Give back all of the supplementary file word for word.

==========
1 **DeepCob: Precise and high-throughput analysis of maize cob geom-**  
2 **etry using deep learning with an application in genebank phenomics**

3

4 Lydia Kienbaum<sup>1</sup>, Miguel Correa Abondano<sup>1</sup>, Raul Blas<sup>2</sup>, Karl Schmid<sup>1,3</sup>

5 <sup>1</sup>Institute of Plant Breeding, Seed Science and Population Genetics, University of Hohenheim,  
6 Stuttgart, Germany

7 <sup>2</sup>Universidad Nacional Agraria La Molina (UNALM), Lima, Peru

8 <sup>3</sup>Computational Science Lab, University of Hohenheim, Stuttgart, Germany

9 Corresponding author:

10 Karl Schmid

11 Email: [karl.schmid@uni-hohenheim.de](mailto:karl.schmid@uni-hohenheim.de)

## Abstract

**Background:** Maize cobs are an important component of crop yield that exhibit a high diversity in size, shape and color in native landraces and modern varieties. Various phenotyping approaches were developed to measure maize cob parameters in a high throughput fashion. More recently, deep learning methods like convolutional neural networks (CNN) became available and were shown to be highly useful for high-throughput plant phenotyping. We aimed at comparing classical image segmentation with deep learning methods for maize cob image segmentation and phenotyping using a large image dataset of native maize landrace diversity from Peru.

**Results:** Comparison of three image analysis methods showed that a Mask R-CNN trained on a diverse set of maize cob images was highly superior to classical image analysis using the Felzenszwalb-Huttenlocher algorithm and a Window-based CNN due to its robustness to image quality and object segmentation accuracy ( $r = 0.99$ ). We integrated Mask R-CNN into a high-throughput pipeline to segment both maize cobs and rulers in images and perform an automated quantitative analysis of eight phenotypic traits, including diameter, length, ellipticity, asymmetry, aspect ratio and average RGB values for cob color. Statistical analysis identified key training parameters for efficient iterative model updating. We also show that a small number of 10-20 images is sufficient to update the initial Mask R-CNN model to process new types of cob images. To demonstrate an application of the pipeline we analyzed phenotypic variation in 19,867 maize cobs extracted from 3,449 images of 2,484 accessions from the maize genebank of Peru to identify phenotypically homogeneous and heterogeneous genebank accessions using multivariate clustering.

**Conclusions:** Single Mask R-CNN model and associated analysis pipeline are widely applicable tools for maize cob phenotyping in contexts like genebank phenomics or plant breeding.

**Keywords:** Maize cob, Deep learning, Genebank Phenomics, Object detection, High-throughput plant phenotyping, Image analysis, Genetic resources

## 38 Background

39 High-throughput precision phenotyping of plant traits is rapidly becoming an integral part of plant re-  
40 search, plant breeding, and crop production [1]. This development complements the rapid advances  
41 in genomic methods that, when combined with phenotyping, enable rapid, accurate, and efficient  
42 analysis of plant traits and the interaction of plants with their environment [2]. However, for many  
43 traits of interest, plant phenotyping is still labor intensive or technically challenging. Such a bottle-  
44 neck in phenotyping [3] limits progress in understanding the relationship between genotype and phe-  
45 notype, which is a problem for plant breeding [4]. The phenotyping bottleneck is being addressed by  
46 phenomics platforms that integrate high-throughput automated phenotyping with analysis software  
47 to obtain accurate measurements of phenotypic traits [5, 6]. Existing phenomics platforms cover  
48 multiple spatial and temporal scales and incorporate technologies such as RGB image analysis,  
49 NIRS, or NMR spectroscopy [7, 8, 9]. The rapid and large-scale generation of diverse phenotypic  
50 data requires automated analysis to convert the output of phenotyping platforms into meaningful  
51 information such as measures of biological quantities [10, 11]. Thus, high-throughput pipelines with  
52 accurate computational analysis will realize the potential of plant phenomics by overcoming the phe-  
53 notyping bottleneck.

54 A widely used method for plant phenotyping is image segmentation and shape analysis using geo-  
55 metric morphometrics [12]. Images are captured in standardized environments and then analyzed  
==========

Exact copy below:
1 **DeepCob: Precise and high-throughput analysis of maize cob geom-**  
2 **etry using deep learning with an application in genebank phenomics**

3

4 Lydia Kienbaum<sup>1</sup>, Miguel Correa Abondano<sup>1</sup>, Raul Blas<sup>2</sup>, Karl Schmid<sup>1,3</sup>

5 <sup>1</sup>Institute of Plant Breeding, Seed Science and Population Genetics, University of Hohenheim,  
6 Stuttgart, Germany

7 <sup>2</sup>Universidad Nacional Agraria La Molina (UNALM), Lima, Peru

8 <sup>3</sup>Computational Science Lab, University of Hohenheim, Stuttgart, Germany

9 Corresponding author:

10 Karl Schmid

11 Email: [karl.schmid@uni-hohenheim.de](mailto:karl.schmid@uni-hohenheim.de)

## Abstract

**Background:** Maize cobs are an important component of crop yield that exhibit a high diversity in size, shape and color in native landraces and modern varieties. Various phenotyping approaches were developed to measure maize cob parameters in a high throughput fashion. More recently, deep learning methods like convolutional neural networks (CNN) became available and were shown to be highly useful for high-throughput plant phenotyping. We aimed at comparing classical image segmentation with deep learning methods for maize cob image segmentation and phenotyping using a large image dataset of native maize landrace diversity from Peru.

**Results:** Comparison of three image analysis methods showed that a Mask R-CNN trained on a diverse set of maize cob images was highly superior to classical image analysis using the Felzenszwalb-Huttenlocher algorithm and a Window-based CNN due to its robustness to image quality and object segmentation accuracy ( $r = 0.99$ ). We integrated Mask R-CNN into a high-throughput pipeline to segment both maize cobs and rulers in images and perform an automated quantitative analysis of eight phenotypic traits, including diameter, length, ellipticity, asymmetry, aspect ratio and average RGB values for cob color. Statistical analysis identified key training parameters for efficient iterative model updating. We also show that a small number of 10-20 images is sufficient to update the initial Mask R-CNN model to process new types of cob images. To demonstrate an application of the pipeline we analyzed phenotypic variation in 19,867 maize cobs extracted from 3,449 images of 2,484 accessions from the maize genebank of Peru to identify phenotypically homogeneous and heterogeneous genebank accessions using multivariate clustering.

**Conclusions:** Single Mask R-CNN model and associated analysis pipeline are widely applicable tools for maize cob phenotyping in contexts like genebank phenomics or plant breeding.

**Keywords:** Maize cob, Deep learning, Genebank Phenomics, Object detection, High-throughput plant phenotyping, Image analysis, Genetic resources

## 38 Background

39 High-throughput precision phenotyping of plant traits is rapidly becoming an integral part of plant re-  
40 search, plant breeding, and crop production [1]. This development complements the rapid advances  
41 in genomic methods that, when combined with phenotyping, enable rapid, accurate, and efficient  
42 analysis of plant traits and the interaction of plants with their environment [2]. However, for many  
43 traits of interest, plant phenotyping is still labor intensive or technically challenging. Such a bottle-  
44 neck in phenotyping [3] limits progress in understanding the relationship between genotype and phe-  
45 notype, which is a problem for plant breeding [4]. The phenotyping bottleneck is being addressed by  
46 phenomics platforms that integrate high-throughput automated phenotyping with analysis software  
47 to obtain accurate measurements of phenotypic traits [5, 6]. Existing phenomics platforms cover  
48 multiple spatial and temporal scales and incorporate technologies such as RGB image analysis,  
49 NIRS, or NMR spectroscopy [7, 8, 9]. The rapid and large-scale generation of diverse phenotypic  
50 data requires automated analysis to convert the output of phenotyping platforms into meaningful  
51 information such as measures of biological quantities [10, 11]. Thus, high-throughput pipelines with  
52 accurate computational analysis will realize the potential of plant phenomics by overcoming the phe-  
53 notyping bottleneck.

54 A widely used method for plant phenotyping is image segmentation and shape analysis using geo-  
55 metric morphometrics [12]. Images are captured in standardized environments and then analyzed  